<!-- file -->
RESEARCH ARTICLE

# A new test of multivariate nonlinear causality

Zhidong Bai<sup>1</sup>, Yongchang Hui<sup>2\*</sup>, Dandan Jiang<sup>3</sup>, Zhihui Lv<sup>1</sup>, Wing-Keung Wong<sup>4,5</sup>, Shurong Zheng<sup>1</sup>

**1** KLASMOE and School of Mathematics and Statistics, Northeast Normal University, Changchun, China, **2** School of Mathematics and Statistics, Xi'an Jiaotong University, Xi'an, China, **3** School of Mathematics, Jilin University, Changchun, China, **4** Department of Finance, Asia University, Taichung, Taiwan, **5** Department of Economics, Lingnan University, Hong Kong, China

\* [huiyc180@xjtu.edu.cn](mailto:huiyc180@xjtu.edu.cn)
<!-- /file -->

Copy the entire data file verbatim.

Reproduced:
RESEARCH ARTICLE

# A new test of multivariate nonlinear causality

Zhidong Bai<sup>1</sup>, Yongchang Hui<sup>2\*</sup>, Dandan Jiang<sup>3</sup>, Zhihui Lv<sup>1</sup>, Wing-Keung Wong<sup>4,5</sup>, Shurong Zheng<sup>1</sup>

**1** KLASMOE and School of Mathematics and Statistics, Northeast Normal University, Changchun, China, **2** School of Mathematics and Statistics, Xi'an Jiaotong University, Xi'an, China, **3** School of Mathematics, Jilin University, Changchun, China, **4** Department of Finance, Asia University, Taichung, Taiwan, **5** Department of Economics, Lingnan University, Hong Kong, China

\* [huiyc180@xjtu.edu.cn](mailto:huiyc180@xjtu.edu.cn)